When starting a new D&D campaign, the first adventure usually brings a little extra baggage with it. Namely, introducing the party members to one another. While it is usually not difficult to come up with a reason for characters to band together for a fight, finding plausible reasons for characters with wildly different backgrounds and personalities to stay together can be difficult.
In fact, many DM's will gloss over this initial meeting, either by saying something like "you have been adventuring together for awhile", or the time honored "you are all in a bar when a wizard walks in the door". Both of these solutions are somewhat unsatisfying. The former leads to a party that should know each other well but doesn’t. The latter is such a cliché that it is difficult to maintain suspension of disbelief once it has been used.
Of course there are a number of tricks to bring the party together and to keep them together. My favorite two methods for bringing a party together in a hurry are what I call the Dragonlance Method and Pick Two Friends Method.
The Dragonlance Method is named for the technique Margaret Weis and Tracy Hickman used in Dragons of Autumn Twilight . At the start of the novel, the Companions are returning to the Inn of the Last Home after an extended time apart. When they last parted company, they had vowed to meet back at the inn five years later. Many of them make good on their vow, only to find much has changed in the intervening years.
In some ways this is similar to "you have been adventuring together for awhile", but it has several advantages. The primary one is that while it gives the party members a strong reason to interact and assumes they have some basic knowledge of one another, the passage of time helps explain the gaps in their knowledge. Five years can be a long time, and it might help explain why two party member who described themselves as “best friends” in their character background seem to be unable to stand each other once the game starts.
While we have lifted the Dragonlance Method directly in at least one recent campaign, you don’t need to be so obvious. Maybe the characters fought together in a recent war, especially if they were on the losing side (ala Firefly ). Maybe they all grew up in the same village, even if they haven’t seen each other since they were children. Any common event to tie the character backgrounds can be used.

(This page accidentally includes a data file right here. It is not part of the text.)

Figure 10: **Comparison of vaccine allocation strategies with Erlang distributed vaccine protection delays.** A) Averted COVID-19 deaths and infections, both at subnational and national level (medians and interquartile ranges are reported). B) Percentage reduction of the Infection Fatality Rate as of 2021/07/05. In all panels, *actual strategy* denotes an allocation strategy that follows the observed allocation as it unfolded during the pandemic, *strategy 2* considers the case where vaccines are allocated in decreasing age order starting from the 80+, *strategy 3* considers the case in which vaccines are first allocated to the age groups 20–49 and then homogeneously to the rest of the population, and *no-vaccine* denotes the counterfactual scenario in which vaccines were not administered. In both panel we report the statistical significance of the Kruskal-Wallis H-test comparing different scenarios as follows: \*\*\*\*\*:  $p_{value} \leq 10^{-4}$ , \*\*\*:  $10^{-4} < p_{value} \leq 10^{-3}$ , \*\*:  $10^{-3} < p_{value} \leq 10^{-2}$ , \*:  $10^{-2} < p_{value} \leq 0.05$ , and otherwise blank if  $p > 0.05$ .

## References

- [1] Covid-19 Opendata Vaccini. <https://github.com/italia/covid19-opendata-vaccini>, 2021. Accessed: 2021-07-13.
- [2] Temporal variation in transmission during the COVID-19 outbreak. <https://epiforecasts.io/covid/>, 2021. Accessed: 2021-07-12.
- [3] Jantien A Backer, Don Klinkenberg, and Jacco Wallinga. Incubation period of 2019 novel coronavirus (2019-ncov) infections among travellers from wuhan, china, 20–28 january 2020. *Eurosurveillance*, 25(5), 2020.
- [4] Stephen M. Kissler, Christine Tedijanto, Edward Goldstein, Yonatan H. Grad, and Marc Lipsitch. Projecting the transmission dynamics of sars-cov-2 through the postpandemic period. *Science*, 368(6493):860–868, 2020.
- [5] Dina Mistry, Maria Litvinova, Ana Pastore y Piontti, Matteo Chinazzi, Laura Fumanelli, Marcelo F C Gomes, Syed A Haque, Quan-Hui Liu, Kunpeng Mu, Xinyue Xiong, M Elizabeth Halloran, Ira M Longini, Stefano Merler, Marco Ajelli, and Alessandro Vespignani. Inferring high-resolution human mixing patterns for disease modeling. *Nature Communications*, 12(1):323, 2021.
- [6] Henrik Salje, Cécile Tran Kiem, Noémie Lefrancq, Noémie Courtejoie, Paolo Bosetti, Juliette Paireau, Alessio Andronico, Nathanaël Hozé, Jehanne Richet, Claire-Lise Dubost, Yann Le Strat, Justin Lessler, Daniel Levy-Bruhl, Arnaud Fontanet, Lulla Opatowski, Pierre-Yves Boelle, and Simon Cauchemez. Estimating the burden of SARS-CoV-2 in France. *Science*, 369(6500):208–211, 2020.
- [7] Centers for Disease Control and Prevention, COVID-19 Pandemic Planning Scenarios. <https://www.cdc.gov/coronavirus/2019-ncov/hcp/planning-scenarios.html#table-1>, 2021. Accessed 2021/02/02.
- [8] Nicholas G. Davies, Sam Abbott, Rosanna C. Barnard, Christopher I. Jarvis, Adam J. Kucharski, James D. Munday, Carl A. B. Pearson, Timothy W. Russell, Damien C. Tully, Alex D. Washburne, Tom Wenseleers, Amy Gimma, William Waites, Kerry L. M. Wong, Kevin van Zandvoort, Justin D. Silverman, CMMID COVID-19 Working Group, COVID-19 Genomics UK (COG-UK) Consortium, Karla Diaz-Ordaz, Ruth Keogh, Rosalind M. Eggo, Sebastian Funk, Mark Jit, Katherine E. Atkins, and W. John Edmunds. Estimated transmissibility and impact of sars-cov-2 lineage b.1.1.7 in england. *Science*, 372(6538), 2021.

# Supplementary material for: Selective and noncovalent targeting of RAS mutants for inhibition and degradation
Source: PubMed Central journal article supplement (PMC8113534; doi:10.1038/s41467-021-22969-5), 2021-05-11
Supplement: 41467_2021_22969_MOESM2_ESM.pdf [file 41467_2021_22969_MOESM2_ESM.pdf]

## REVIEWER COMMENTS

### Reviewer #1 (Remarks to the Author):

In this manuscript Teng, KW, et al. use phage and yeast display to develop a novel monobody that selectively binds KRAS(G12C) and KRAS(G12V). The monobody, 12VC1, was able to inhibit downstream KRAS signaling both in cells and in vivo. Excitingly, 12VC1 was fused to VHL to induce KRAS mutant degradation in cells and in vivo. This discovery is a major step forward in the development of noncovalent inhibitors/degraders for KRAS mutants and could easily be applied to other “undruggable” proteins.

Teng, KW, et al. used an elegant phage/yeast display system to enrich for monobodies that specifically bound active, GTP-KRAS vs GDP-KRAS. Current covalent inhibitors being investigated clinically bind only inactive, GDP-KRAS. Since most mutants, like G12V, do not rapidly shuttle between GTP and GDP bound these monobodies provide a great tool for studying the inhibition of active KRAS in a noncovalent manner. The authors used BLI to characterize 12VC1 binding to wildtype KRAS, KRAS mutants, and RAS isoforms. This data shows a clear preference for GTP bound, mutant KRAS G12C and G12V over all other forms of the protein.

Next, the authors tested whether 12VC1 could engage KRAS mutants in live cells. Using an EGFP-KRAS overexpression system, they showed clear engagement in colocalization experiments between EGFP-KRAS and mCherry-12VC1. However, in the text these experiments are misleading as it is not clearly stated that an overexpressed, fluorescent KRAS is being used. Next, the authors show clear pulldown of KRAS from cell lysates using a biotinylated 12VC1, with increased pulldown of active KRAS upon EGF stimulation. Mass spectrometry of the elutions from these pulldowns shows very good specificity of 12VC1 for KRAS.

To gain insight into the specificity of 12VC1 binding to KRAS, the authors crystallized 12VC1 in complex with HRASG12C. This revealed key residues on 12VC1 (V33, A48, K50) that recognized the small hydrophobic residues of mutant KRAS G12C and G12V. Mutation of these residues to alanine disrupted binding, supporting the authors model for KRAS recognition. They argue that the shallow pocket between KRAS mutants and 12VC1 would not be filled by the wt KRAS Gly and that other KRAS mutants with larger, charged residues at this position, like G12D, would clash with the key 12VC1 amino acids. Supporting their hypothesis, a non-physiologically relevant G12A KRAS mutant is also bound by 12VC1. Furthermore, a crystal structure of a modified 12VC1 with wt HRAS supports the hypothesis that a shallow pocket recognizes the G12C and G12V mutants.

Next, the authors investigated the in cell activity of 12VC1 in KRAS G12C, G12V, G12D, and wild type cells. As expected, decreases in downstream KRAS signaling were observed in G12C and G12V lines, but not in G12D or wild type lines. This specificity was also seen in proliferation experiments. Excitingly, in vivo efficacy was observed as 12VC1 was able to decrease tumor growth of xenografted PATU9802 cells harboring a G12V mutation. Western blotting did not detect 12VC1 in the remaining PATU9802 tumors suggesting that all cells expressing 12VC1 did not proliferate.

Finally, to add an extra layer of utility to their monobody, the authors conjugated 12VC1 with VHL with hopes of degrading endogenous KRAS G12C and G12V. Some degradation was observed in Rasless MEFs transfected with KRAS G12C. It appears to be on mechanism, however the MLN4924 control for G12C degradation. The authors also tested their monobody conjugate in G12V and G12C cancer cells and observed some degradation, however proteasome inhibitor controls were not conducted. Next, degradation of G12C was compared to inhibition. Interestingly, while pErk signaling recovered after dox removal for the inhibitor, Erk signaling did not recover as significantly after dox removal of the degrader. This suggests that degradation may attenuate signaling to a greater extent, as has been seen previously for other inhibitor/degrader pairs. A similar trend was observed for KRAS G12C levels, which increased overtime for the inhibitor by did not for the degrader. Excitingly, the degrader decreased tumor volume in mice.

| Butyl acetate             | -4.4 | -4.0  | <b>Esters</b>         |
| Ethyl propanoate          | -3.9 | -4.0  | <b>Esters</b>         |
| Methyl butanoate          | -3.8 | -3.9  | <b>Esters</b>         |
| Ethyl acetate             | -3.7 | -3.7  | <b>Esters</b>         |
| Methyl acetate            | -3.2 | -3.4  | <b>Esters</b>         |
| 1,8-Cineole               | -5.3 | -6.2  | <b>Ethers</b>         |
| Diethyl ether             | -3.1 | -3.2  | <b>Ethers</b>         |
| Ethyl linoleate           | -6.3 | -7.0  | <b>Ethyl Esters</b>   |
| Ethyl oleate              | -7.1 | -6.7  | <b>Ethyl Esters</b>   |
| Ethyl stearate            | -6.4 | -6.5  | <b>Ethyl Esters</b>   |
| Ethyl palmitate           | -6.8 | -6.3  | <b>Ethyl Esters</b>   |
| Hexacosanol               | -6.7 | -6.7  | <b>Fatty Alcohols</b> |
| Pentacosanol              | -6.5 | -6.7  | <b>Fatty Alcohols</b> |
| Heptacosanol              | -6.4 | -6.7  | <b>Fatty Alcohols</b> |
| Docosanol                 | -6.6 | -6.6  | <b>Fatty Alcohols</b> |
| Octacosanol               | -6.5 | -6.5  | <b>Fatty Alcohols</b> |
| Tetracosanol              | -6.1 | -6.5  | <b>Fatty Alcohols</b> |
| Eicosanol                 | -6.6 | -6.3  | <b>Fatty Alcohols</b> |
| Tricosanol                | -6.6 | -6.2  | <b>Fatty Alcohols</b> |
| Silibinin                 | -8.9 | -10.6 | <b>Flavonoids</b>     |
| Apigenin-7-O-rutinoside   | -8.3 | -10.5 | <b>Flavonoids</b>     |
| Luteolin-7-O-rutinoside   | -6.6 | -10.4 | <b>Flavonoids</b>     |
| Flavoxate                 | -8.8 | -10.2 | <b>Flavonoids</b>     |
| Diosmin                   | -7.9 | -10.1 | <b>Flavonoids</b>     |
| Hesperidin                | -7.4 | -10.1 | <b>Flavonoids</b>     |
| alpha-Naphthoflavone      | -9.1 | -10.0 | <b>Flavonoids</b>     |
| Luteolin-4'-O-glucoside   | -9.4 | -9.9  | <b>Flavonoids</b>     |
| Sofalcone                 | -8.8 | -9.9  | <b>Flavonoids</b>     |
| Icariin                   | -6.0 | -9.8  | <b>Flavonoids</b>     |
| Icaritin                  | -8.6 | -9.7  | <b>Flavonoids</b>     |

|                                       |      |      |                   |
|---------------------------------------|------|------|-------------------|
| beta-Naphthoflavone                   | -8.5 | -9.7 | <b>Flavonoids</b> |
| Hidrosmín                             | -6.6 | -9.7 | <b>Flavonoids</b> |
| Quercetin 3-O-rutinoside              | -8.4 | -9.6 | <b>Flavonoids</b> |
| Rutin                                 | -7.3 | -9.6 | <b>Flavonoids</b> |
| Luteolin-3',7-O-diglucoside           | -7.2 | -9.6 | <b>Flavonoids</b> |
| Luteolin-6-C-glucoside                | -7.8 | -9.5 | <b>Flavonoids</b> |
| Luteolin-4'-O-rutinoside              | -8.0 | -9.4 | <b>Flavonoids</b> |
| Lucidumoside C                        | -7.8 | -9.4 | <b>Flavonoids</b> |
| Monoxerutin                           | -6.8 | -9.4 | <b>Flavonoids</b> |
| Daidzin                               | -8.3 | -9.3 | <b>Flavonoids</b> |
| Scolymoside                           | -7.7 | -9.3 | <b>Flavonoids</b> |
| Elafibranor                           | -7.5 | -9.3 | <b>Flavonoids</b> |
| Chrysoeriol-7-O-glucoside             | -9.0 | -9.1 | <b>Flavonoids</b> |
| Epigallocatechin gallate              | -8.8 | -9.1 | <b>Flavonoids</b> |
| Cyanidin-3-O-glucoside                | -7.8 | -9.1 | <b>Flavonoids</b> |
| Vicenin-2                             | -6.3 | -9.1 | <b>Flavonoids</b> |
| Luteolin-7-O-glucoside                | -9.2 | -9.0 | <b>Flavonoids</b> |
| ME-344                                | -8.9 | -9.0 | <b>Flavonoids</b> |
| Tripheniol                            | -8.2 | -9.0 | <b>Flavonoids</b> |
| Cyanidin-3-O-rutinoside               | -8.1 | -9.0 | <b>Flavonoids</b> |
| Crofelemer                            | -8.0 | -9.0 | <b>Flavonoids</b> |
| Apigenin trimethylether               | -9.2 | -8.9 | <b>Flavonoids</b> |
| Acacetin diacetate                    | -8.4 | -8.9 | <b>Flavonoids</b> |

A variant of this is what I call the Pick Two Friends Method, which I first came across in West End’s Star Wars RPG. This is similar to the method above with one major exception. Instead of having a single common background element shared by all members of the party, each player chooses two characters to share some element of their character’s background with. If done well, this can create a group with strong ties to each other, without seeming forced.
For example, imagine the following six-member party: Dern (Dwarven Fighter), Tomas (Human Infernal Warlock), Bran Brightbelly (Halfling Bard), Ceriel (Deva Paladin), Shen Swiftfoot (Shifter Druid), and Brother Roland (Half-Elf Cleric). This seems like a pretty diverse group. However, the DM asked them to pick two other party members and incorporate them into their background.
After spending a bit of time talking with one another, the players come up with the following ties:
- Dern (Dwarven Fighter): Brother Roland Saved His life when he was wounded during a tour as a caravan guard. Spent time exploring the reaches with Shen Swiftfoot.
- Tomas (Human Infernal Warlock): Used to run two man cons with Bran Brightbelly. Loved the same woman as Ceriel.
- Bran Brightbelly (Halfling Bard): Used to run two man cons with Tomas. Was converted to worship of Erathis by Ceriel.
- Ceriel (Deva Paladin): Converted Bran Brightbelly to worship of Erathis. Loved the same woman as Tomas.
- Shen Swiftfoot (Shifter Druid): Spent time exploring the reaches with Dern. Grew up in the same village as Brother Roland.
- Brother Roland (Half-Elf Cleric): Grew up in the same village as Shen Swiftfoot. Saved Dern’s life when he was wounded during a tour as a caravan guard.
This not only binds the party together, but also establishes roleplaying hooks for the characters. Not shabby for a process that often takes only 15 minutes chatting around the game table!